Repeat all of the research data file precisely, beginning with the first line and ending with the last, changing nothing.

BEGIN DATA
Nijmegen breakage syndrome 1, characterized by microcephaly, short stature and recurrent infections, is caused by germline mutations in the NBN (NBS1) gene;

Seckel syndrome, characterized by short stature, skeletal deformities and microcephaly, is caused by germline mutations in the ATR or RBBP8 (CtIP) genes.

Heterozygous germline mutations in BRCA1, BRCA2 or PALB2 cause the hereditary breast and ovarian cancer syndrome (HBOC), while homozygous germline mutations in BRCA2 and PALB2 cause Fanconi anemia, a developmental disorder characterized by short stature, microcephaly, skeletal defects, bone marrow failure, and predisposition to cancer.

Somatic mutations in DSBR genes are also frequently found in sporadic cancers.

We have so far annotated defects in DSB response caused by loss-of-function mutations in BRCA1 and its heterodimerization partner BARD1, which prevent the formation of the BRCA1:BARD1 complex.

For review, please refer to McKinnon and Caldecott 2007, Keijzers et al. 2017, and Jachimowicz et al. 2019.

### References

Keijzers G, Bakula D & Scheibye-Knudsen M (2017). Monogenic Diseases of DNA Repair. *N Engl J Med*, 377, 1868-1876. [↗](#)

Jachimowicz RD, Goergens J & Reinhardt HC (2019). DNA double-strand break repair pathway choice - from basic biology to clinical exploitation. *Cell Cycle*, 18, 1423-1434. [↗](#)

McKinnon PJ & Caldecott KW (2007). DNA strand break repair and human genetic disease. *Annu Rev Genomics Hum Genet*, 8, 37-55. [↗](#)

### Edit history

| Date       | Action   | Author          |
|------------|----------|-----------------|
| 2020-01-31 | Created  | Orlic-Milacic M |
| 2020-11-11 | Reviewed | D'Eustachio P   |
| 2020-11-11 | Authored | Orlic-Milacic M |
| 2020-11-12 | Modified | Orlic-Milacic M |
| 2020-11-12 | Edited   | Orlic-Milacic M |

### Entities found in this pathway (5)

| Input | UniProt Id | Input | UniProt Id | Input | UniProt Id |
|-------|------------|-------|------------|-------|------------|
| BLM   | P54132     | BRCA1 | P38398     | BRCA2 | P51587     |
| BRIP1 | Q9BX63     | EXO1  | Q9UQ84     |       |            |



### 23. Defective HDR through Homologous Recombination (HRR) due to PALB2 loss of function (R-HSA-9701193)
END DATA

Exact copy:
Nijmegen breakage syndrome 1, characterized by microcephaly, short stature and recurrent infections, is caused by germline mutations in the NBN (NBS1) gene;

Seckel syndrome, characterized by short stature, skeletal deformities and microcephaly, is caused by germline mutations in the ATR or RBBP8 (CtIP) genes.

Heterozygous germline mutations in BRCA1, BRCA2 or PALB2 cause the hereditary breast and ovarian cancer syndrome (HBOC), while homozygous germline mutations in BRCA2 and PALB2 cause Fanconi anemia, a developmental disorder characterized by short stature, microcephaly, skeletal defects, bone marrow failure, and predisposition to cancer.

Somatic mutations in DSBR genes are also frequently found in sporadic cancers.

We have so far annotated defects in DSB response caused by loss-of-function mutations in BRCA1 and its heterodimerization partner BARD1, which prevent the formation of the BRCA1:BARD1 complex.

For review, please refer to McKinnon and Caldecott 2007, Keijzers et al. 2017, and Jachimowicz et al. 2019.

### References

Keijzers G, Bakula D & Scheibye-Knudsen M (2017). Monogenic Diseases of DNA Repair. *N Engl J Med*, 377, 1868-1876. [↗](#)

Jachimowicz RD, Goergens J & Reinhardt HC (2019). DNA double-strand break repair pathway choice - from basic biology to clinical exploitation. *Cell Cycle*, 18, 1423-1434. [↗](#)

McKinnon PJ & Caldecott KW (2007). DNA strand break repair and human genetic disease. *Annu Rev Genomics Hum Genet*, 8, 37-55. [↗](#)

### Edit history

| Date       | Action   | Author          |
|------------|----------|-----------------|
| 2020-01-31 | Created  | Orlic-Milacic M |
| 2020-11-11 | Reviewed | D'Eustachio P   |
| 2020-11-11 | Authored | Orlic-Milacic M |
| 2020-11-12 | Modified | Orlic-Milacic M |
| 2020-11-12 | Edited   | Orlic-Milacic M |

### Entities found in this pathway (5)

| Input | UniProt Id | Input | UniProt Id | Input | UniProt Id |
|-------|------------|-------|------------|-------|------------|
| BLM   | P54132     | BRCA1 | P38398     | BRCA2 | P51587     |
| BRIP1 | Q9BX63     | EXO1  | Q9UQ84     |       |            |



### 23. Defective HDR through Homologous Recombination (HRR) due to PALB2 loss of function (R-HSA-9701193)